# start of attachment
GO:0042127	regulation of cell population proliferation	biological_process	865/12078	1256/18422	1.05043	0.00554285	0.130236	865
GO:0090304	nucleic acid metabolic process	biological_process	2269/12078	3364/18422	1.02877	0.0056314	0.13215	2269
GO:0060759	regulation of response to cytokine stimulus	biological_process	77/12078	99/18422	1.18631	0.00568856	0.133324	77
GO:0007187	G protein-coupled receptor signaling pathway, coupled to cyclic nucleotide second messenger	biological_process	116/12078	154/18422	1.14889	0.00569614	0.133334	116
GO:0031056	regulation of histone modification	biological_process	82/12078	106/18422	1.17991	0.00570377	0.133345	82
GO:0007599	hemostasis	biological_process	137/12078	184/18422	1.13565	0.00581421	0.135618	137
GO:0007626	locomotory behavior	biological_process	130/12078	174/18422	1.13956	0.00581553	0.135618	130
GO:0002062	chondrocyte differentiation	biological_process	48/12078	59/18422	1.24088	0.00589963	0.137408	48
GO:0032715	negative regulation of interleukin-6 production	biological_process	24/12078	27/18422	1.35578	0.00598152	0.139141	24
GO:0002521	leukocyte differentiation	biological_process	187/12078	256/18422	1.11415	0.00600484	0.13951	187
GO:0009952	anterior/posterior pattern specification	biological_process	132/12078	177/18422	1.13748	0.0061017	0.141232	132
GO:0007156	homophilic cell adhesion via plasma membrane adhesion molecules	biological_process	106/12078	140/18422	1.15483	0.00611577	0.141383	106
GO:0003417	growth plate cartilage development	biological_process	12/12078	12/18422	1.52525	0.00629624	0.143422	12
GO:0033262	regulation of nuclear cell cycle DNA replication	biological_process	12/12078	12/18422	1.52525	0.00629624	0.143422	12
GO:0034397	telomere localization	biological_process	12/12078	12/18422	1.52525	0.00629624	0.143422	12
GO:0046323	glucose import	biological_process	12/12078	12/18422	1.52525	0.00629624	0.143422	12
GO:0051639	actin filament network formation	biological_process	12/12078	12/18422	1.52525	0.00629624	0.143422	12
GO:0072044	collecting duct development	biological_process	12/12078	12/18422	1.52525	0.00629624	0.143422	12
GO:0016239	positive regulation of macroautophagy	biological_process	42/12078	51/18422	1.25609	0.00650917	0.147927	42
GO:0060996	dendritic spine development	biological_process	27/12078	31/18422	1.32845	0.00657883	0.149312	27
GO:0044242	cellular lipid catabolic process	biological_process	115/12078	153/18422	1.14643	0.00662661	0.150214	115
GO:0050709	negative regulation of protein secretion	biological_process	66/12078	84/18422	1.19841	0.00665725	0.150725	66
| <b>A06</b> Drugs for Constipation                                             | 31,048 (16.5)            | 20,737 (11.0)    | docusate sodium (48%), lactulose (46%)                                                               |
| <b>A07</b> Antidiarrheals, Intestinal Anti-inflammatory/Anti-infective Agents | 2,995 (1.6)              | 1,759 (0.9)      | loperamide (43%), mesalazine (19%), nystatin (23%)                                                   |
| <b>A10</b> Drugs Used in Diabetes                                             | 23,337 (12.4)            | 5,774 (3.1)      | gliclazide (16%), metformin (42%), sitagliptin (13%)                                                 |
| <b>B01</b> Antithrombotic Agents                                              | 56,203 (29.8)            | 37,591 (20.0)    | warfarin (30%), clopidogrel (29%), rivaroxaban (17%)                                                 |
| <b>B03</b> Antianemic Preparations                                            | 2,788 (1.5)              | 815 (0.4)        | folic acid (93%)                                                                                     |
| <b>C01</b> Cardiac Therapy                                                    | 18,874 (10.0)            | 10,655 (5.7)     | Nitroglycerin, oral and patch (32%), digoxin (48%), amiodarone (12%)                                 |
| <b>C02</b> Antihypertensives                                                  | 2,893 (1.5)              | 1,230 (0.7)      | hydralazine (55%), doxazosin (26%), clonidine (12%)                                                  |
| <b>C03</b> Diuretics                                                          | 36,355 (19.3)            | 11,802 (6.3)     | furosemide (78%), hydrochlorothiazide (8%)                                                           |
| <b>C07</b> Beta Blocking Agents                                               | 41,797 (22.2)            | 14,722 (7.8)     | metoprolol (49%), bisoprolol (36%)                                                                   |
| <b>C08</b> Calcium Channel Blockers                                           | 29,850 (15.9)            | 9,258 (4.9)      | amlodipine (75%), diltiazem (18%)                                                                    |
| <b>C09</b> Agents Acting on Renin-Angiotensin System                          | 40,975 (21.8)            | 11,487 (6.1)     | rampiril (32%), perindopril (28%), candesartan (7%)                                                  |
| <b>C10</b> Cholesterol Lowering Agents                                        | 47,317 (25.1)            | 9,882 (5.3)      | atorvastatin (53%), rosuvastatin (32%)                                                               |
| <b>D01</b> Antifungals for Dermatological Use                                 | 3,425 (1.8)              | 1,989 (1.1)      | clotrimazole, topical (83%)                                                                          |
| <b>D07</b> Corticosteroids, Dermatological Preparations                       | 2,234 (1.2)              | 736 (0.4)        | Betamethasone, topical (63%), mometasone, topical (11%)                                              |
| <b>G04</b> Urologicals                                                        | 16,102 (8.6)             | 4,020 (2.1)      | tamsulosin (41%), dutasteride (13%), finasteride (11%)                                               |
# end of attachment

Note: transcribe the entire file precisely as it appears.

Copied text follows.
GO:0042127	regulation of cell population proliferation	biological_process	865/12078	1256/18422	1.05043	0.00554285	0.130236	865
GO:0090304	nucleic acid metabolic process	biological_process	2269/12078	3364/18422	1.02877	0.0056314	0.13215	2269
GO:0060759	regulation of response to cytokine stimulus	biological_process	77/12078	99/18422	1.18631	0.00568856	0.133324	77
GO:0007187	G protein-coupled receptor signaling pathway, coupled to cyclic nucleotide second messenger	biological_process	116/12078	154/18422	1.14889	0.00569614	0.133334	116
GO:0031056	regulation of histone modification	biological_process	82/12078	106/18422	1.17991	0.00570377	0.133345	82
GO:0007599	hemostasis	biological_process	137/12078	184/18422	1.13565	0.00581421	0.135618	137
GO:0007626	locomotory behavior	biological_process	130/12078	174/18422	1.13956	0.00581553	0.135618	130
GO:0002062	chondrocyte differentiation	biological_process	48/12078	59/18422	1.24088	0.00589963	0.137408	48
GO:0032715	negative regulation of interleukin-6 production	biological_process	24/12078	27/18422	1.35578	0.00598152	0.139141	24
GO:0002521	leukocyte differentiation	biological_process	187/12078	256/18422	1.11415	0.00600484	0.13951	187
GO:0009952	anterior/posterior pattern specification	biological_process	132/12078	177/18422	1.13748	0.0061017	0.141232	132
GO:0007156	homophilic cell adhesion via plasma membrane adhesion molecules	biological_process	106/12078	140/18422	1.15483	0.00611577	0.141383	106
GO:0003417	growth plate cartilage development	biological_process	12/12078	12/18422	1.52525	0.00629624	0.143422	12
GO:0033262	regulation of nuclear cell cycle DNA replication	biological_process	12/12078	12/18422	1.52525	0.00629624	0.143422	12
GO:0034397	telomere localization	biological_process	12/12078	12/18422	1.52525	0.00629624	0.143422	12
GO:0046323	glucose import	biological_process	12/12078	12/18422	1.52525	0.00629624	0.143422	12
GO:0051639	actin filament network formation	biological_process	12/12078	12/18422	1.52525	0.00629624	0.143422	12
GO:0072044	collecting duct development	biological_process	12/12078	12/18422	1.52525	0.00629624	0.143422	12
GO:0016239	positive regulation of macroautophagy	biological_process	42/12078	51/18422	1.25609	0.00650917	0.147927	42
GO:0060996	dendritic spine development	biological_process	27/12078	31/18422	1.32845	0.00657883	0.149312	27
GO:0044242	cellular lipid catabolic process	biological_process	115/12078	153/18422	1.14643	0.00662661	0.150214	115
GO:0050709	negative regulation of protein secretion	biological_process	66/12078	84/18422	1.19841	0.00665725	0.150725	66
| <b>A06</b> Drugs for Constipation                                             | 31,048 (16.5)            | 20,737 (11.0)    | docusate sodium (48%), lactulose (46%)                                                               |
| <b>A07</b> Antidiarrheals, Intestinal Anti-inflammatory/Anti-infective Agents | 2,995 (1.6)              | 1,759 (0.9)      | loperamide (43%), mesalazine (19%), nystatin (23%)                                                   |
| <b>A10</b> Drugs Used in Diabetes                                             | 23,337 (12.4)            | 5,774 (3.1)      | gliclazide (16%), metformin (42%), sitagliptin (13%)                                                 |
| <b>B01</b> Antithrombotic Agents                                              | 56,203 (29.8)            | 37,591 (20.0)    | warfarin (30%), clopidogrel (29%), rivaroxaban (17%)                                                 |
| <b>B03</b> Antianemic Preparations                                            | 2,788 (1.5)              | 815 (0.4)        | folic acid (93%)                                                                                     |
| <b>C01</b> Cardiac Therapy                                                    | 18,874 (10.0)            | 10,655 (5.7)     | Nitroglycerin, oral and patch (32%), digoxin (48%), amiodarone (12%)                                 |
| <b>C02</b> Antihypertensives                                                  | 2,893 (1.5)              | 1,230 (0.7)      | hydralazine (55%), doxazosin (26%), clonidine (12%)                                                  |
| <b>C03</b> Diuretics                                                          | 36,355 (19.3)            | 11,802 (6.3)     | furosemide (78%), hydrochlorothiazide (8%)                                                           |
| <b>C07</b> Beta Blocking Agents                                               | 41,797 (22.2)            | 14,722 (7.8)     | metoprolol (49%), bisoprolol (36%)                                                                   |
| <b>C08</b> Calcium Channel Blockers                                           | 29,850 (15.9)            | 9,258 (4.9)      | amlodipine (75%), diltiazem (18%)                                                                    |
| <b>C09</b> Agents Acting on Renin-Angiotensin System                          | 40,975 (21.8)            | 11,487 (6.1)     | rampiril (32%), perindopril (28%), candesartan (7%)                                                  |
| <b>C10</b> Cholesterol Lowering Agents                                        | 47,317 (25.1)            | 9,882 (5.3)      | atorvastatin (53%), rosuvastatin (32%)                                                               |
| <b>D01</b> Antifungals for Dermatological Use                                 | 3,425 (1.8)              | 1,989 (1.1)      | clotrimazole, topical (83%)                                                                          |
| <b>D07</b> Corticosteroids, Dermatological Preparations                       | 2,234 (1.2)              | 736 (0.4)        | Betamethasone, topical (63%), mometasone, topical (11%)                                              |
| <b>G04</b> Urologicals                                                        | 16,102 (8.6)             | 4,020 (2.1)      | tamsulosin (41%), dutasteride (13%), finasteride (11%)                                               |